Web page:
Matthew and the 140 or so Marines of 3/11’s India Battery began their combat tours at a base north of here, near the city of Rawa. Although the Marines were trained to kick down doors and kill insurgents, most of their time was spent trying to build trust with residents, said First Lt. Hamilton Ashworth. They helped train police forces and managed to see the town undergo what Ashworth called an “amazing transformation. … By the time we left, everybody in the city loved us. They definitely didn’t want us to leave.”

In early March, the artillery battery was transferred from Rawa to this small outpost of concertina wire and sandbags near Rutbah, where the police station bears fresh scars from rocket attacks, young men still hide grenades in the streets, and civic leaders continue to be targeted by hit squads.

Despite Norseman’s primitive conditions, the camp was relatively luxurious compared with the unit’s previous base. There, the men had to burn their bathroom waste each morning – oftentimes, they would huddle around the burning, reeking barrels to get warm after the toe-numbingly cold desert nights.

“The porta-potties here are heaven,” said Lance Cpl. Stephan Bush.

Along with portable toilets and showers, Outpost Norseman also has heaters and air conditioning units. The Marines pride themselves on being tough, but none of the men complains about a warm shower after a day of hard work.

The extra comfort has come with greater risk. On the night of the war’s fifth anniversary, just hours after Matthew returned from his patrol, a massive explosion echoed through the outpost. The boom came from Rutbah and was much louder than the usual gunfire that crackles through the night sky.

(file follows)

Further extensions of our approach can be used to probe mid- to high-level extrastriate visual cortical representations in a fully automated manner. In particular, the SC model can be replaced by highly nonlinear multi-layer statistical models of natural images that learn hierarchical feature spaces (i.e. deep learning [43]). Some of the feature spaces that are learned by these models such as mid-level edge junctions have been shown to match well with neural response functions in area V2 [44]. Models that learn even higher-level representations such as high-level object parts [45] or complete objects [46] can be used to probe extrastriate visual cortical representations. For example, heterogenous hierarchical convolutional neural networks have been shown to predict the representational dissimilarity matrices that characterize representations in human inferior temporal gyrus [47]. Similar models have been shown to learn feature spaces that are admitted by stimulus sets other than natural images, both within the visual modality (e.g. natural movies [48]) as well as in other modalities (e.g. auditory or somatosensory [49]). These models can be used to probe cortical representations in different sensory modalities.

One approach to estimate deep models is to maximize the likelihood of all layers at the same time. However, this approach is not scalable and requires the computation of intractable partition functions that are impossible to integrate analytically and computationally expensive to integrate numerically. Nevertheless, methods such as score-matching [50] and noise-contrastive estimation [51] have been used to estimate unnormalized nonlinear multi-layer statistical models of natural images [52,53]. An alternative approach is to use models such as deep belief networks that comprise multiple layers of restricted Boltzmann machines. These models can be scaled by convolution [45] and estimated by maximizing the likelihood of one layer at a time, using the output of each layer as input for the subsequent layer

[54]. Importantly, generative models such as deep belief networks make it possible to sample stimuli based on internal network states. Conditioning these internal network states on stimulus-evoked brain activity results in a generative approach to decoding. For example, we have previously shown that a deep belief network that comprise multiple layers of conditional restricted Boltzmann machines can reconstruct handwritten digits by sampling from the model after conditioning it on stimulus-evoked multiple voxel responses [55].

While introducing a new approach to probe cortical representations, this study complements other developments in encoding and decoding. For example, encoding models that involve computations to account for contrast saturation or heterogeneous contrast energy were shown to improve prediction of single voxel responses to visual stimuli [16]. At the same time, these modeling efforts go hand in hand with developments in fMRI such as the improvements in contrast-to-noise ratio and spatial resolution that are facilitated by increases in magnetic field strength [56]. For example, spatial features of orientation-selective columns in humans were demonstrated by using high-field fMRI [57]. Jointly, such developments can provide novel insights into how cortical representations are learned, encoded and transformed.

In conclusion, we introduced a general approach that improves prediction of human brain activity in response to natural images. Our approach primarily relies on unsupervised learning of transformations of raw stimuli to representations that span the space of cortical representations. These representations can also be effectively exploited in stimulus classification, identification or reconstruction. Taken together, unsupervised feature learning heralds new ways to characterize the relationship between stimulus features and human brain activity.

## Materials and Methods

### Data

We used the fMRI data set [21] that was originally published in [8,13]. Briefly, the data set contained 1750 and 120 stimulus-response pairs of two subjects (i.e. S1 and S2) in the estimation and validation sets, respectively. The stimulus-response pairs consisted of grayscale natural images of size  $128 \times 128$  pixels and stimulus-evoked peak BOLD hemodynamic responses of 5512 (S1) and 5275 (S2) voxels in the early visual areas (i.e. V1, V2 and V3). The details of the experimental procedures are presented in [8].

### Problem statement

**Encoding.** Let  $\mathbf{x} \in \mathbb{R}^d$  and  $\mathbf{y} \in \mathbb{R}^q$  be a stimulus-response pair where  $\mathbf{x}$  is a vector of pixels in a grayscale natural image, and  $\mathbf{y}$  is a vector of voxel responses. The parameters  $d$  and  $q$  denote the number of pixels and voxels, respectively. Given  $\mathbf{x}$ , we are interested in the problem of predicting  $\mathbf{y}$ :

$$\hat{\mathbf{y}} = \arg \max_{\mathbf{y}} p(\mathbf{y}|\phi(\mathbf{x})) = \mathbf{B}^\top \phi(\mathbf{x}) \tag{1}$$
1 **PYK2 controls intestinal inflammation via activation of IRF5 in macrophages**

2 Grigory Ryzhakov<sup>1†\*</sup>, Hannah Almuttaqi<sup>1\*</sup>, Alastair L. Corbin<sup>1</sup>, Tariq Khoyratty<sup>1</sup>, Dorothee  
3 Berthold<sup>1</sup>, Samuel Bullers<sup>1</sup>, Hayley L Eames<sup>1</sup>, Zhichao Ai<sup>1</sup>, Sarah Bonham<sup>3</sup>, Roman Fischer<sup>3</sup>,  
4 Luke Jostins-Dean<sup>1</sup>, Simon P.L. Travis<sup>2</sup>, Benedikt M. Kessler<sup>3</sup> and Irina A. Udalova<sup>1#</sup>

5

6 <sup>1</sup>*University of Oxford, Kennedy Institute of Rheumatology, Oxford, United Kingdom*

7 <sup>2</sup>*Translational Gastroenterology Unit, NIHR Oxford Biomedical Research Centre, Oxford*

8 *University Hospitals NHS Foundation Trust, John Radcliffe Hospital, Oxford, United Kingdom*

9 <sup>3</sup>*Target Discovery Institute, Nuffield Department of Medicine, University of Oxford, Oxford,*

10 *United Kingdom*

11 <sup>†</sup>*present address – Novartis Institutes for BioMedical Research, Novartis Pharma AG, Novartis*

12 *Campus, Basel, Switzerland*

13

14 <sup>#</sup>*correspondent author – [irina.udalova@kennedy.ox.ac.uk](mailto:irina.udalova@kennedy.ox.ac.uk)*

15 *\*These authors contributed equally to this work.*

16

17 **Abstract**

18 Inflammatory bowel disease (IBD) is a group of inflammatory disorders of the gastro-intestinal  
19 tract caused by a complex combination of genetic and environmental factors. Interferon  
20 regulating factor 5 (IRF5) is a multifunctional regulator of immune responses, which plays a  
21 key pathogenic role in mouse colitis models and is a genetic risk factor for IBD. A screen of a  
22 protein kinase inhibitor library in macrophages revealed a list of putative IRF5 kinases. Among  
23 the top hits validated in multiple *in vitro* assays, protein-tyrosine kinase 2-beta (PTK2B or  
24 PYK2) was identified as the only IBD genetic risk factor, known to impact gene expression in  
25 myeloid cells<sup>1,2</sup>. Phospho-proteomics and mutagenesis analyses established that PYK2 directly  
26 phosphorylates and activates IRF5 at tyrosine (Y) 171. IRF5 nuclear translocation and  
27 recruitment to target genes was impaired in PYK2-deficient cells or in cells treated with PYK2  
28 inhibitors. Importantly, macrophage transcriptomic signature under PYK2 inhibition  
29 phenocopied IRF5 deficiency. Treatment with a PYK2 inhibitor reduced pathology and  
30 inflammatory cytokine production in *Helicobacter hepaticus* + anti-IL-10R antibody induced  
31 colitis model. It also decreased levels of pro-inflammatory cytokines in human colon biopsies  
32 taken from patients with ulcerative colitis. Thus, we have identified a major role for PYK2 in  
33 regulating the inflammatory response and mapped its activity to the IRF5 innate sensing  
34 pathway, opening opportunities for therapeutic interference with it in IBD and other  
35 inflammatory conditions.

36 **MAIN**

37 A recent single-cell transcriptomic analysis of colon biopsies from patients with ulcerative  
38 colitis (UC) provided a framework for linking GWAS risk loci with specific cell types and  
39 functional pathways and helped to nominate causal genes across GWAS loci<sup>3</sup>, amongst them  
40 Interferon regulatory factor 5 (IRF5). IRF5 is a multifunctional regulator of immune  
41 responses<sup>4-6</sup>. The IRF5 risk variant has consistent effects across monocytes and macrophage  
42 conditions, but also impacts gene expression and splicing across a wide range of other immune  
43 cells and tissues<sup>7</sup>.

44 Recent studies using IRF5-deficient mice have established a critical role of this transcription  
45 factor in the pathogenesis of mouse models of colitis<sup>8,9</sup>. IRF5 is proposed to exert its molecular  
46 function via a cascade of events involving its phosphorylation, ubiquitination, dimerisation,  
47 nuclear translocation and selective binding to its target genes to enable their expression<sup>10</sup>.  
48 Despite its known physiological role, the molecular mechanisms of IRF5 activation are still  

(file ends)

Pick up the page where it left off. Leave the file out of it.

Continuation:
Matthew’s evening off was over. His mobile assault patrol squad readied themselves for more work.

About an hour later, Marines returned to Norseman carrying an Iraqi who had blown off his arms and lost one eye while trying to hide a grenade in a street.

The young man was quivering in shock. Blood seeped from his bandaged stumps and from myriad shrapnel slices on his chest and face. A physician and his crew attempted to stabilize the man in the outpost’s one-room field hospital. Young Marines wandered outside the door, smoking and grumbling about the care being offered to a man who wanted them dead.

“Why are we treating this guy anyway?” asked one of Matthew’s squad mates, Lance Cpl. Scott Clark.

First Lt. Jim Rowe, the unit’s executive officer shot back, “Because we have to!”

“Well, at least he won’t be planting IEDs anymore,” Clark said.

Moments later, a helicopter descended from the night sky. The injured man would be evacuated to a larger hospital. Rowe said the failed bomb effort fit a typical pattern of being “well-planned and poorly executed.” The Marines were succeeding in their efforts to keep better-trained insurgents from entering the town, but they could not stop local, unemployed men from trying to earn $10 or $20 by hiding munitions in the streets patrolled by Matthew and his compatriots.

“It gets old,” Rowe said after the helicopter took off. “How many more people in this town are going to get blown up?”

Moments later, Matthew and his team were sent out to provide security at the blast scene as Iraqi police and U.S. bomb experts gathered evidence.

Matthew’s exhaustion was obvious, but he didn’t complain.

“I came here knowing that it would be tough,” he said. “It’s still not as tough as I expected.”

The upcoming presidential election has cast some uncertainty over the future commitment of U.S. forces in Iraq. Presumed Republican candidate John McCain, whose son has served with the Marines in Iraq, has vowed to keep troops there until the country is secure. Both the Democrat contenders, though, are calling for varying degrees of troop reductions.

The Marines hope to accomplish their mission before politics can interfere.

That’s why they’re scrambling to bring security to Anbar province, with Rutbah posing among the toughest challenges.